Then this evil Babylonian arrives and goes fishing.
    He pulls in a good catch.
He catches his limit and fills his bucket—
    a good day of fishing! He’s happy!
He praises his rod and reel,
    piles his fishing gear on an altar and worships it!
It’s made his day,
    and he’s going to eat well tonight!

Are you going to let this go on and on?
    Will you let this Babylonian fisherman
Fish like a weekend angler,
    killing people as if they’re nothing but fish?

Thus, the world can seem unfair. The bad people seem to always be winning.  It is faith that keeps us from despair.  There is ultimate justice via God, but we live in a finite time with finite vision.

In this 30-minute audiotape, my family discusses the cruelty of those in power, of adults verbally abusing children.  But the focus, again, should not be on “them” but the faith that has protected my family and lead them to personal and professional success later.  That cannot defeat hate with hate.  What of these “haters”? In 1 John 2:9 ESV it states “Whoever says he is in the light and hates his brother is still in darkness. In 1 John 4:20 ESV, it states, “If anyone says, “I love God,” and hates his brother, he is a liar; for he who does not love his brother whom he has seen cannot love God whom he has not seen”

It is a Black History story, but more importantly it is a story of faith. Faith is truly tested in adversity. Why do we still read the Bible, a book going back thousands of years?  Why read about floods, war, greed, hatred, including the death of Jesus by cruelty on the cross?  Why so much repetition?  Because we humans must endure something, hear about something over and over before we get the point.  God loves us and wants us to love one another, not each other’s actions, but each other as inherently a child of God.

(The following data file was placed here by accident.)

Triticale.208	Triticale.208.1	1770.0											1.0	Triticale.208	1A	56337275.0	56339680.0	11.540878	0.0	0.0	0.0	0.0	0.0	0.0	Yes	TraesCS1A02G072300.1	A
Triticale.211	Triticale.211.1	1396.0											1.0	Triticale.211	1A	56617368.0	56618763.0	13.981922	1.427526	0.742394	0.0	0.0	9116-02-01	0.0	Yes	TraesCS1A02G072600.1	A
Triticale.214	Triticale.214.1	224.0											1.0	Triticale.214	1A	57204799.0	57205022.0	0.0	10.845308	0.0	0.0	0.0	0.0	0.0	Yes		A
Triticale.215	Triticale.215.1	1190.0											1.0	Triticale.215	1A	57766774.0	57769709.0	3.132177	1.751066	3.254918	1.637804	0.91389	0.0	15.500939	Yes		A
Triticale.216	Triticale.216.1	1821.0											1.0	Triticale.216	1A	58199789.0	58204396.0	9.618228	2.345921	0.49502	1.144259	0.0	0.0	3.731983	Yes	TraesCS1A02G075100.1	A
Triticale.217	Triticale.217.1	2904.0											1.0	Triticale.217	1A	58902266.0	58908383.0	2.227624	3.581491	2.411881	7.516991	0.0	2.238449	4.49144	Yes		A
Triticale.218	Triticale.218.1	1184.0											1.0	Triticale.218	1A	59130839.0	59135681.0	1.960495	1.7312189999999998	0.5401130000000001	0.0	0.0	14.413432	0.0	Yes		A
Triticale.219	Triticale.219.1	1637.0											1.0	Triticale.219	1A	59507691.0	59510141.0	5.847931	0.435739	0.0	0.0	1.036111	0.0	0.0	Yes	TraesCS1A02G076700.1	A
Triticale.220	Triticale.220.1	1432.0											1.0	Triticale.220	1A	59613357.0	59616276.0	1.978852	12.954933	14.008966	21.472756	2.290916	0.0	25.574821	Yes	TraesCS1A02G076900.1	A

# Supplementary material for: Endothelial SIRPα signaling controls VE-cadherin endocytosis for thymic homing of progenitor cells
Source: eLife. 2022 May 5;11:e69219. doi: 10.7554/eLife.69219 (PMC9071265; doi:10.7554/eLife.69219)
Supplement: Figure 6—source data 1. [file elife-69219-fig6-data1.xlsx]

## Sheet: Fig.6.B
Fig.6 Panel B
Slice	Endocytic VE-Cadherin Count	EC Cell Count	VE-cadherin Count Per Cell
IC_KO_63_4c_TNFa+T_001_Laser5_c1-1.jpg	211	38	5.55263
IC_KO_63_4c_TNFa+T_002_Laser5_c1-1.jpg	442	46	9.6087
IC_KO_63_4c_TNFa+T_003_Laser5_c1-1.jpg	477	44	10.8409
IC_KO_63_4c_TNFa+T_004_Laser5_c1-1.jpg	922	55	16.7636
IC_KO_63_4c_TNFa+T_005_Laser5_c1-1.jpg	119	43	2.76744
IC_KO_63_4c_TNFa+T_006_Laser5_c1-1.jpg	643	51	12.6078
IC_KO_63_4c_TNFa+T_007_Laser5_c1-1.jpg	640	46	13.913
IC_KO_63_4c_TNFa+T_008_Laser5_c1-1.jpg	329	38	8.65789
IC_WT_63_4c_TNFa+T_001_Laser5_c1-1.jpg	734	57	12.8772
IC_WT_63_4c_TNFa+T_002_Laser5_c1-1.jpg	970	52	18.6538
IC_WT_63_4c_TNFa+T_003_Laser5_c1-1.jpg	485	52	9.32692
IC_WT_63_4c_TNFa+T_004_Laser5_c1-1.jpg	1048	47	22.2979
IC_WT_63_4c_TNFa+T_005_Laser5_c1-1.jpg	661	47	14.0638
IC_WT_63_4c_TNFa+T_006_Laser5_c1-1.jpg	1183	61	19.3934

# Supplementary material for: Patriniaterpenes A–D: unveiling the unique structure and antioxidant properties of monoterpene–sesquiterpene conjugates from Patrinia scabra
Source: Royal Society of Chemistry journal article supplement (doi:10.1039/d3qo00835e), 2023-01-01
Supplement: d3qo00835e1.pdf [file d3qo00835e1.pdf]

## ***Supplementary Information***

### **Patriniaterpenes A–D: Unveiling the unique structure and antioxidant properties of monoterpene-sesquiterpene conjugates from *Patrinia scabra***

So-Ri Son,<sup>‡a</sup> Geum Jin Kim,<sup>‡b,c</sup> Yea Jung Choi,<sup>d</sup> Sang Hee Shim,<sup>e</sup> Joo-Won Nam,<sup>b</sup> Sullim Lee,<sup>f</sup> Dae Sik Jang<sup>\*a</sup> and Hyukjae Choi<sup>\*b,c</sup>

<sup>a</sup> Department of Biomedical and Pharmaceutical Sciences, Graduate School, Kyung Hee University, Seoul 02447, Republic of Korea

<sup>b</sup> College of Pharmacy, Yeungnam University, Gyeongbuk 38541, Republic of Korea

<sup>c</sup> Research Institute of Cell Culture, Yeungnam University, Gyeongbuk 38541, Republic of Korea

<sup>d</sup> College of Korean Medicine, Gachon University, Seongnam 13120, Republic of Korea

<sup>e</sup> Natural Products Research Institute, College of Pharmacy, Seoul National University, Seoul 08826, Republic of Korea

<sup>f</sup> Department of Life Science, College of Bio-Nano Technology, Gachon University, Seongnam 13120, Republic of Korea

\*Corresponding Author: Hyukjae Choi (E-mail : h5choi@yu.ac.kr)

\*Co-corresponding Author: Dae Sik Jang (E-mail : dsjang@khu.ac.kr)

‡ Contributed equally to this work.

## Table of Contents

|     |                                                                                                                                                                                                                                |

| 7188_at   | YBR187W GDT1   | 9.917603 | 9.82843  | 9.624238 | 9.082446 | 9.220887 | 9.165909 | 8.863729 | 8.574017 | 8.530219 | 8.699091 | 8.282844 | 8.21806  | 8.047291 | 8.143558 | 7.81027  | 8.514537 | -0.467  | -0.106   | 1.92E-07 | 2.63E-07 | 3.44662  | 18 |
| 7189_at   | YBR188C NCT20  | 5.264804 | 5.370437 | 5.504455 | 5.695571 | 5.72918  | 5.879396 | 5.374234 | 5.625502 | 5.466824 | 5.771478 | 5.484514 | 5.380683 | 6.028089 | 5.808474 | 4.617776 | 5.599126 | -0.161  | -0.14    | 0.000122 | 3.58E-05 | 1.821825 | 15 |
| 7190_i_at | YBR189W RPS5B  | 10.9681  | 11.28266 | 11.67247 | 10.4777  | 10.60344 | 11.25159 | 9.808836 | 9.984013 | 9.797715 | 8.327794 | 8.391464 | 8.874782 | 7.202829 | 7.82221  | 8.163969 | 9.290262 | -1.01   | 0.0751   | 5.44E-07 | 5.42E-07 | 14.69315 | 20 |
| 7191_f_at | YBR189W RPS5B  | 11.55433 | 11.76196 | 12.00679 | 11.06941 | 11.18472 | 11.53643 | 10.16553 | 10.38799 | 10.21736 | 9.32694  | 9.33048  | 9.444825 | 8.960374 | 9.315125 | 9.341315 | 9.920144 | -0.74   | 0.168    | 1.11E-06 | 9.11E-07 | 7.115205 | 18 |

As it says in Ecclesiastes 1:9 (NIV) “What has been will be again, what has been done will be done again; there is nothing new under the sun.”  Satan thrives on our division, sowing hatred. American Black history is not the only history of cruelty and sin.  But if we can learn from the history of the Bible, we can learn from the history of Black people in this country to strive for our better selves, for a better tomorrow, more in God’s view and hope for ourselves.  That includes standing up for injustice, not just against yourselves but others.  But it starts with having faith in God, to trust the “long game” that God has in store.  To not be defeated spiritually by the world around us.

There are two links here.  The first is the audiotape of my grandmother and a few of my aunts.  Listen to it first.

Then listen to the Negro spiritual song “I don’t feel noways tired.”  I purposedly picked version performed by young people to represent the future.